Wednesday, May 5, 2010

Medical Marijuana in DC

Yesterday, the typically strange state of affairs here inside the Beltway got a little bit stranger. In a vote that surprised basically no-one, the DC Council gave the go-ahead for residents of the District to use medicinal marijuana. There are several significant hurdles still to be cleared, but if they are, those suffering from chronic conditions will be entitled to up to four ounces of da chronic monthly to assist them in ameliorating their suffering. This is good news for many.

I, for instance, suffer from LDSCEDD, an ailment I've had to endure since graduating from elementary school. Fortunately, my Little Debbie Snack Cake Enjoyment Deficiency Disorder is entirely curable through the wonders of medical marijuana, now potentially just a stone's throw away in DC.

Doofy efforts at stoner humor aside, there are those...particularly those suffering from the side effects of chemotherapy, glaucoma, and other illnesses...for whom medical marijuana makes a real difference. Acknowledging this, though, I must 'fess up to being completely out of step with the rest of America on the whole issue of cannabis. Most Americans (typically around 60%) are in favor of medical marijuana. But I've got a real problem with it.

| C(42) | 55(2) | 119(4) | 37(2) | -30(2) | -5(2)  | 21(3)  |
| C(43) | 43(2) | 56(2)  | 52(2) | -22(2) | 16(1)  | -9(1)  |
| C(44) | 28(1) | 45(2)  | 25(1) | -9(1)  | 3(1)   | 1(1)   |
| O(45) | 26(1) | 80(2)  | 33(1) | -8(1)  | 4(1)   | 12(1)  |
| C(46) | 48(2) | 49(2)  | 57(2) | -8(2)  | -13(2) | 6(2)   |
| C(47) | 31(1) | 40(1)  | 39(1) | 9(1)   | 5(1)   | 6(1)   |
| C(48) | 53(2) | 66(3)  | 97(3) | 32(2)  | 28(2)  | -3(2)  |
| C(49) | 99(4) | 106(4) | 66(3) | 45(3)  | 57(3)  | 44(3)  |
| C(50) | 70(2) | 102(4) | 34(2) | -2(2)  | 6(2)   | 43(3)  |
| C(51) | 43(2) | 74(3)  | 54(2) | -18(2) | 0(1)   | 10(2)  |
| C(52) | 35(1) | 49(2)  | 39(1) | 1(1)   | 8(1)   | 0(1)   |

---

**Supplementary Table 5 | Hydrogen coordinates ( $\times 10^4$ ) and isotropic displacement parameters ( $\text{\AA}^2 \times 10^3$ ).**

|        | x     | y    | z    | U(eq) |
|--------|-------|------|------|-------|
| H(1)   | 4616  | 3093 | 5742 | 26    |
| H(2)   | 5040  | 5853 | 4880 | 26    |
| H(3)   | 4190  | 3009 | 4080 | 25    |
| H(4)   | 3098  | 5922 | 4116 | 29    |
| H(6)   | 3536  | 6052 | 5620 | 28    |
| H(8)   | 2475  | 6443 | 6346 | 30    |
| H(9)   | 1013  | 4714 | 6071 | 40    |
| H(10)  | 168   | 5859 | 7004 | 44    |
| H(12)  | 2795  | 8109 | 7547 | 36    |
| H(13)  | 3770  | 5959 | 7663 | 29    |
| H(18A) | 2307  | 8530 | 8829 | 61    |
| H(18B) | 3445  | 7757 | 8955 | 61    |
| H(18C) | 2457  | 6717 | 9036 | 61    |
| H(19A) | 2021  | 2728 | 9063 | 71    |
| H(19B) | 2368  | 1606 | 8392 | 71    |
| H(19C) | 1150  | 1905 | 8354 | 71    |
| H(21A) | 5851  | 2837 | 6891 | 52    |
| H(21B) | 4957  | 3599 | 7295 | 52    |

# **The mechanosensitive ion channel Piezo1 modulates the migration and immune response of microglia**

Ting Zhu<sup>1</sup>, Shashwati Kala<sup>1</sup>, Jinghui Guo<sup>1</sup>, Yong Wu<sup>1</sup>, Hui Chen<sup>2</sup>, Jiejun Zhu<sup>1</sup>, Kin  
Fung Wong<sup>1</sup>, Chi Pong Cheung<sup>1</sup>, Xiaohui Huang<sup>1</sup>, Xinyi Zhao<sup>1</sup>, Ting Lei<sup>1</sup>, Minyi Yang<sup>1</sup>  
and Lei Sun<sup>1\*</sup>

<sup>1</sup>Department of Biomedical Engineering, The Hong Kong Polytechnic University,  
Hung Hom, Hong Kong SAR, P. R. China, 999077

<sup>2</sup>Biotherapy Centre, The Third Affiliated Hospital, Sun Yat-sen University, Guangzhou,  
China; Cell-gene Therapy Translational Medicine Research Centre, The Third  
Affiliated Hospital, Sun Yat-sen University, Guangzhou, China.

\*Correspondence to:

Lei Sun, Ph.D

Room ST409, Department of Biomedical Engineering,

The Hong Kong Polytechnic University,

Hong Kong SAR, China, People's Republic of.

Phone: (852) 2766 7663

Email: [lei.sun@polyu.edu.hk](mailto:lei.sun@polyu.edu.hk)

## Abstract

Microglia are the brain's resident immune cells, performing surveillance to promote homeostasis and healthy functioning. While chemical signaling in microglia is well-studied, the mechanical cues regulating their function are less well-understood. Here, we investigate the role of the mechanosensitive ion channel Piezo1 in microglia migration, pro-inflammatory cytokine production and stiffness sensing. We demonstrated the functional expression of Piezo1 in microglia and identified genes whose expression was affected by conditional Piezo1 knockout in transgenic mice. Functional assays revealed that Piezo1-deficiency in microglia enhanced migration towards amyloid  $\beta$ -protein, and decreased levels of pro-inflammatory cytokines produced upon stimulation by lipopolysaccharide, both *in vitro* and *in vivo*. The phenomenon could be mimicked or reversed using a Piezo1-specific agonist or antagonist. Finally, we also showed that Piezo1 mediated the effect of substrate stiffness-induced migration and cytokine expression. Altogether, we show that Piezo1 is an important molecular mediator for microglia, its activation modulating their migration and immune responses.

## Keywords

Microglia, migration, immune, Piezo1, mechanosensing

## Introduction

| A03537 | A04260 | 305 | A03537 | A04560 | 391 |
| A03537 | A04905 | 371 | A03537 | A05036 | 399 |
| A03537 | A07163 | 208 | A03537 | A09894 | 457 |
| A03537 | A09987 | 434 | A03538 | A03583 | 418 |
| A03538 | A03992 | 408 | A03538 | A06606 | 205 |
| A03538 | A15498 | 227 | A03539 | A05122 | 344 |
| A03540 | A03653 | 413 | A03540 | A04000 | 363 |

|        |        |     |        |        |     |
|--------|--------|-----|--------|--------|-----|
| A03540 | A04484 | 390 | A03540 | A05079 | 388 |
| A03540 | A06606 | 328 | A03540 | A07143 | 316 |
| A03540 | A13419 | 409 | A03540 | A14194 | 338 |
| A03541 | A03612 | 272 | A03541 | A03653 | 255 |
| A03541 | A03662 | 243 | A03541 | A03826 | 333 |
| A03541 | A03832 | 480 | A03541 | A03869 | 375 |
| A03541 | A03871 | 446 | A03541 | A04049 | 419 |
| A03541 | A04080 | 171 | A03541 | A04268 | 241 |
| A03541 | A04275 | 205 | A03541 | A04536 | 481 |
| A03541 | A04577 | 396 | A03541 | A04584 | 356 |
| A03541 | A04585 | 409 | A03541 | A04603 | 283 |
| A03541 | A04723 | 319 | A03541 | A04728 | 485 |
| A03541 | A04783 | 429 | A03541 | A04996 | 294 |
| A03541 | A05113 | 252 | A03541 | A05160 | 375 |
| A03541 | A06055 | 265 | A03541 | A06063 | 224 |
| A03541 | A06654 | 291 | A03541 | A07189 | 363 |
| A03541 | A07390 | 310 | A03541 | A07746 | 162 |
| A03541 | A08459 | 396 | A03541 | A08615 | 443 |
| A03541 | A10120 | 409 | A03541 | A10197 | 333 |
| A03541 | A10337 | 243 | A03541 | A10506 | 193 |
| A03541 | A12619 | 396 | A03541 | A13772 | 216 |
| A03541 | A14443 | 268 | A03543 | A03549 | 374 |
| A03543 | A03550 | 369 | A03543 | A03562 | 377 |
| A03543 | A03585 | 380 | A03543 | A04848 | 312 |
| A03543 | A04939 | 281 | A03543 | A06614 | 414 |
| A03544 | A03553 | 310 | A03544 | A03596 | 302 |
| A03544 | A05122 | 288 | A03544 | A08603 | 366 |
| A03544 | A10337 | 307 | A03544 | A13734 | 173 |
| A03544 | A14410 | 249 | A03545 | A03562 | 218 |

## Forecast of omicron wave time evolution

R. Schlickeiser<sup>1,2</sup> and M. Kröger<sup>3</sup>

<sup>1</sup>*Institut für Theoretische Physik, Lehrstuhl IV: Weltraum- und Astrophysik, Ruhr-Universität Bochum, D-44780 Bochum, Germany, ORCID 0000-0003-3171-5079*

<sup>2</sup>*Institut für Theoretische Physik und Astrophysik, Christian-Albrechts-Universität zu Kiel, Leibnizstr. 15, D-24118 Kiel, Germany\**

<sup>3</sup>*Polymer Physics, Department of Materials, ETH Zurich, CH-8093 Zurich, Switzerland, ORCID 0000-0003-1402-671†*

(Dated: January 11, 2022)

Pot as medication may be efficacious, but it bears no resemblance to other prescribable pharmaceuticals. It's typically smoked, which ain't that great for ya. Wacky tobacky is an impressive melange of psychoactive substances, whose interplay is not entirely clear. If Pfizer produced a substance as chemically amorphous as your average sativa, there's not a chance it would ever get cleared. Still, it does do something...although what that something is simply isn't understood.